Sunday, September 30, 2001
Painter colored» See also: Gallery: Prescription for painting
her world with
"A real artist is nothing if not completely honest," Madge Tennent used to say.
She was soundly criticized for her honesty. Her portraits of Hawaiian women were too ... well ... rotund, the critics charged. They failed to convince her.
"Though my primary concern has been with the aesthetic of the manners, grace and appearance of the Hawaiians, as is well known, I have been criticized for the size of my Hawaiian women," Tennent said.
"To people who are used to the size -- always graceful, however weighty -- of the Hawaiians, there is no need to explain that this regal appearance is the very warp and woof of the Hawaiian body."
Featuring artworks by Madge Tennent and Chris Campbell
"Yesterday and Today"
Place: Cedar Street Gallery, 817 Cedar St.
Time: 10 a.m. to 5:30 p.m. Mondays, Thursdays and Fridays; 10 a.m. to 4 p.m. Tuesdays, Wednesdays and Saturdays, through Oct. 26
Where: 203 Prospect St.
Tennent Art Foundation Gallery
Hours: 10 a.m. to noon, Tuesday through Saturday; 2 to 4 p.m. Sunday, or by appointment
Big is beautiful, Tennent thought. She saw the Hawaiian women as fulfilling the standards of classic Greek beauty, and she wanted to portray their stately presence without compromise.
Tennent was the first artist to paint Hawaiians in their "aesthetic of fullness," as one art critic said. She had to endure harsh words for her artistic choice, but she also was praised for her unique vision.
Art dealer Donald Angus was among the first to see the intrinsic beauty of Tennent's portraits when others thought of her work as scandalous.
"There are many painters in Hawaii, but only one artist," Angus said. He compared her to Gauguin, praising their artworks as glorifying the Polynesian race.
Angus was a teenager living next door to Tennent and was impressed by her artistic ability even before she painted Hawaiian women. They became friends and he helped champion her work.
Being an astute art collector, Angus thought of buying art as like owning a racehorse. "In either case, if you feel you have a winner in terms of money and the race, you do your best to back your judgment," Angus said.
He backed up his judgment with a large personal collection of her artwork. His collection hasn't been seen in public since 1968, when it was shown at the Contemporary Arts Center, which since has shut down.
The collection is on view again, this time at the Cedar Street Gallery. Angus died earlier this year, and his estate is selling the artwork through the gallery.
"This is a pretty great opportunity for the public to see Tennent's work and also to purchase her work. There hasn't been a great deal of her work available for a long time," said gallery owner Mike Schnack.
The gallery has about 100 pieces, ranging from simple drawings to elaborate oil portraits. The prices range from $100 up to $50,000 for a large oil titled "Dancer at Rest."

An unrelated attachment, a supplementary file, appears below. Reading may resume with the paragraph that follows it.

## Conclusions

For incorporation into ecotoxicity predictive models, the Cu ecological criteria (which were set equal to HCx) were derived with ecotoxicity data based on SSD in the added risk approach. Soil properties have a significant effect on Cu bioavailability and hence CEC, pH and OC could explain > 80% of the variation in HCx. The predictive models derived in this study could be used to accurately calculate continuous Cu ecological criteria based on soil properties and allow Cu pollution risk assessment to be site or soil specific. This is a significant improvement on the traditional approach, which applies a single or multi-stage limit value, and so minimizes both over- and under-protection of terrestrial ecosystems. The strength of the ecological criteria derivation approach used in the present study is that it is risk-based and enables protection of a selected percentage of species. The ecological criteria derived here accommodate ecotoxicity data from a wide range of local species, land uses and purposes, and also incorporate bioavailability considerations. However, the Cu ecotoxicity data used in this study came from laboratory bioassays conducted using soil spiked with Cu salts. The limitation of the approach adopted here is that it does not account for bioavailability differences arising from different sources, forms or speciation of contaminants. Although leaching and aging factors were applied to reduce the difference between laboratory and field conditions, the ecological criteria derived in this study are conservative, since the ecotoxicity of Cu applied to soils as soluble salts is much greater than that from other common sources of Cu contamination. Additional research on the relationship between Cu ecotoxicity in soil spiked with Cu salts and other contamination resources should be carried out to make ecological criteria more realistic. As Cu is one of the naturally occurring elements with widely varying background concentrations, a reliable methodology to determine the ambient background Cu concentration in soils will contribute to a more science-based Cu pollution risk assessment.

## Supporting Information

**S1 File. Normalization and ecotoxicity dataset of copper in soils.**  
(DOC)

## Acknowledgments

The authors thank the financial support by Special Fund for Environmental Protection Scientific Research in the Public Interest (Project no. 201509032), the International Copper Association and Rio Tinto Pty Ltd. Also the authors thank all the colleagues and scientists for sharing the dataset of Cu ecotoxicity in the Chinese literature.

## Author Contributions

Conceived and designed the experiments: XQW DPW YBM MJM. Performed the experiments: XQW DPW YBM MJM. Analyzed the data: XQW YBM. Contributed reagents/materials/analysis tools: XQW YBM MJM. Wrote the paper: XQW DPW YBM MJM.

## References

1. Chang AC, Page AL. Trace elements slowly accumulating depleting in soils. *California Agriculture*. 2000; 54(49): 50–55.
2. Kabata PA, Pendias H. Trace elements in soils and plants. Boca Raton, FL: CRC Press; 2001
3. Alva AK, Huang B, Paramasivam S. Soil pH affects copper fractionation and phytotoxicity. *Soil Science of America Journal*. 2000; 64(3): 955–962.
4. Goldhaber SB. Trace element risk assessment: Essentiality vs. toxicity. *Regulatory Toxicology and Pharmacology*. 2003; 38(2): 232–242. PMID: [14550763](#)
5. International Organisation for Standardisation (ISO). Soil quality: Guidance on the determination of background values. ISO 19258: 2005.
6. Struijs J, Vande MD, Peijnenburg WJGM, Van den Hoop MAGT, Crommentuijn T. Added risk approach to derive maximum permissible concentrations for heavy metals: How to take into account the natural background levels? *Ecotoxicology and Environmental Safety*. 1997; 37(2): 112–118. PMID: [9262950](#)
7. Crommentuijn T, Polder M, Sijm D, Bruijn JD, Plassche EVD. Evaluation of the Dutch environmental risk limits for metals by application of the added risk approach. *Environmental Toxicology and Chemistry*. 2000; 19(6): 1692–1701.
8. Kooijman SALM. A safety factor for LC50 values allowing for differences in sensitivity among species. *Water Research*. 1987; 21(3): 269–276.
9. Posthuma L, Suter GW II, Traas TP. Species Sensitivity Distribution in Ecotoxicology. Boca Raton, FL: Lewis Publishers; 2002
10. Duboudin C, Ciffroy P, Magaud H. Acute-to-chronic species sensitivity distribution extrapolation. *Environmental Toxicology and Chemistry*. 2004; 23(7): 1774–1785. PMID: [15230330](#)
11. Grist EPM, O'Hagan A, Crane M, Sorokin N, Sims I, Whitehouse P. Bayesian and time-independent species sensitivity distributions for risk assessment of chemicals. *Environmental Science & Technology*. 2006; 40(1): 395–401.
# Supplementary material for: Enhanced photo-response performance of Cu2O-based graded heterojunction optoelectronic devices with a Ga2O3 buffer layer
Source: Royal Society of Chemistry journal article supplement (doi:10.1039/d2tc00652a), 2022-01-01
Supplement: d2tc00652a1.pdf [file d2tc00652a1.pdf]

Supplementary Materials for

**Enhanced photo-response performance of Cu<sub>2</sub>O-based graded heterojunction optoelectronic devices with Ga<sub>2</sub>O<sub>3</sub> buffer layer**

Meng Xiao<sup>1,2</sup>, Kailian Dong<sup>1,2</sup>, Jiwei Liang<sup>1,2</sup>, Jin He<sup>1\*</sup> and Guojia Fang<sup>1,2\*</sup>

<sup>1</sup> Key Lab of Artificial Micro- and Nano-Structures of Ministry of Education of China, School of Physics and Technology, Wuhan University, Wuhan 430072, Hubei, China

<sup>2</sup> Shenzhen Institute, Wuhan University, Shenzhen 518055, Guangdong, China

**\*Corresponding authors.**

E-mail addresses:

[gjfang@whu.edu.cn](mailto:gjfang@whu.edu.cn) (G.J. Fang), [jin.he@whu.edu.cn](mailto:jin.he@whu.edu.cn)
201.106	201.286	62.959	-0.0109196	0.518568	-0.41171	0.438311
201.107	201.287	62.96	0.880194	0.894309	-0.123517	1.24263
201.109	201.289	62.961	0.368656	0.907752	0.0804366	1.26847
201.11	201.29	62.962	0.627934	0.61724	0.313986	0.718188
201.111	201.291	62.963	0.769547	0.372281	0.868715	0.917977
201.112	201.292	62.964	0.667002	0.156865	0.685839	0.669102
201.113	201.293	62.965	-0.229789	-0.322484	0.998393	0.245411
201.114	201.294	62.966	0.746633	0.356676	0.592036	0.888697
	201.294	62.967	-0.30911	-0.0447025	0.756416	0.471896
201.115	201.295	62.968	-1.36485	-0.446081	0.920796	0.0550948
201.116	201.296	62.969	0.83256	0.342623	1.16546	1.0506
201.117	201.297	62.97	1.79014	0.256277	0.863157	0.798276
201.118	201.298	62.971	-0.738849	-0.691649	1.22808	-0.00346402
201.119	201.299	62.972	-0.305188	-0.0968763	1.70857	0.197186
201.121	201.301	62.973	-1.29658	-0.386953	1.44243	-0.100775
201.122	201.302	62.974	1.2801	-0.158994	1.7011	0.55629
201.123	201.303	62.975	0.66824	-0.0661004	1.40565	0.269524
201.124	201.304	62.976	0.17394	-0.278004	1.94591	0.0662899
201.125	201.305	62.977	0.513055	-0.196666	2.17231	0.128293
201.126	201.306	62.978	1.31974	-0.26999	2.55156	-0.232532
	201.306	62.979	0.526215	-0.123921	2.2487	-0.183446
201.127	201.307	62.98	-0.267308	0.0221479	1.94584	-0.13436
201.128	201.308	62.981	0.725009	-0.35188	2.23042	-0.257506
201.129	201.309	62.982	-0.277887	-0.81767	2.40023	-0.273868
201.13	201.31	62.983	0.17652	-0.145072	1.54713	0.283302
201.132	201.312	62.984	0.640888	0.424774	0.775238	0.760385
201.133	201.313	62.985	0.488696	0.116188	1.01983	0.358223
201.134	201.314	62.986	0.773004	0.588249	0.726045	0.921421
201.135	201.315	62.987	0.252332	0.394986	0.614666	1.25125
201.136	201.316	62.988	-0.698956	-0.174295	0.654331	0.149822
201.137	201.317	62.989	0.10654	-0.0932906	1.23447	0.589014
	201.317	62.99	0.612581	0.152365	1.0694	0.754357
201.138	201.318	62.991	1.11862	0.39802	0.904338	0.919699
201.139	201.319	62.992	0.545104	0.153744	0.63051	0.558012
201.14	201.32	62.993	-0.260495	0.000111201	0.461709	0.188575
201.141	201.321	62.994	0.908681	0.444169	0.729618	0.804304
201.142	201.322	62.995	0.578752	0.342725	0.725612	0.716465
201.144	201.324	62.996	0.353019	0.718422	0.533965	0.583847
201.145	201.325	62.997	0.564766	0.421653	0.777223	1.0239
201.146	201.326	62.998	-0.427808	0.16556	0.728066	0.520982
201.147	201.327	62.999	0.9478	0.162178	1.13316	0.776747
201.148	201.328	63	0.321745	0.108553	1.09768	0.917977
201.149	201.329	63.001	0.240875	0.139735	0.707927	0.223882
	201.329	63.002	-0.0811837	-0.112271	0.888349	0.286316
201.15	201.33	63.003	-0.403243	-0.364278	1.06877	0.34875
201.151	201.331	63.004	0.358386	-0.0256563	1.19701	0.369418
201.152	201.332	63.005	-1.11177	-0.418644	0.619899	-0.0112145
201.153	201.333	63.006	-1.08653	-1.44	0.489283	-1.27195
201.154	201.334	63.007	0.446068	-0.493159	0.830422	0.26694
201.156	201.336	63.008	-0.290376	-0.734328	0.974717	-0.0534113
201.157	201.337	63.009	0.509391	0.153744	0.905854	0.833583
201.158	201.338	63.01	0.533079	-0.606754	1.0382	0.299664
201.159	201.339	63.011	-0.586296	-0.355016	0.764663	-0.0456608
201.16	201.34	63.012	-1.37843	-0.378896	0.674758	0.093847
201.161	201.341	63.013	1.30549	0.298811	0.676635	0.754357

Tennent started painting portraits of the islands' white society to help support her family after arriving in Hawaii in 1923. But when she painted for herself, she painted native women.
"From my reading of her, she just fell in love with the Hawaiian women," Schnack said. "She had always done figurative work, but she painted portraitures in the classical style before she discovered her own style."
Tennent lived and worked in Hawaii for 50 years. She gave up painting large oils when her health declined, and focused more on drawings and watercolors. She died on Feb. 5, 1972.
Tennent, born Madeline Grace Cook, was born in Dulwich, England, in 1889 to an architect father and a writer mother, who both nurtured her innate artistic ability.
She grew up in Cape Town, South Africa, where she had little schooling. Recognizing her talent and the limited opportunities in Cape Town, her parents moved the family to Paris to allow her better art training at the Academie Julian.
Young Madge did not disappoint her parents. She worked long hours six days a week. On Sundays she went to the Louvre to study the works of the old masters, whom she referred to as her "spiritual ancestors."
When she was 13, she entered a charcoal drawing in a competition with students from five other art academies. She placed fifth, an outstanding accomplishment considering that her competitors were much older.
Due to financial difficulties, the family had to return to Cape Town, where Tennent became director of a government art school when she was 16. By the time she was 24, Tennent had established her own art school and also became known for her public piano performances. She met her future husband, Hugh, an officer in a New Zealand regiment, at one of her concerts.
The couple moved to New Zealand and later to British Samoa, where Hugh accepted a job as the government treasurer. Although she was busy with two young children, Tennent continued drawing and painting. She became fascinated by the looks of the Polynesians.
In 1923 the Tennents left Samoa for England. They stopped in Hawaii and never left.
Many of Tennent's artworks, including her childhood drawings, are on view at the Tennent Art Foundation Gallery on Punchbowl. Her heirs -- son Arthur and his wife, Elaine -- oversee the gallery.
Suzanne Tswei's art column runs Sundays in Today.
You can write her at the Star-Bulletin,
500 Ala Moana, Suite 7-210, Honolulu, HI, 96813
or email email@example.com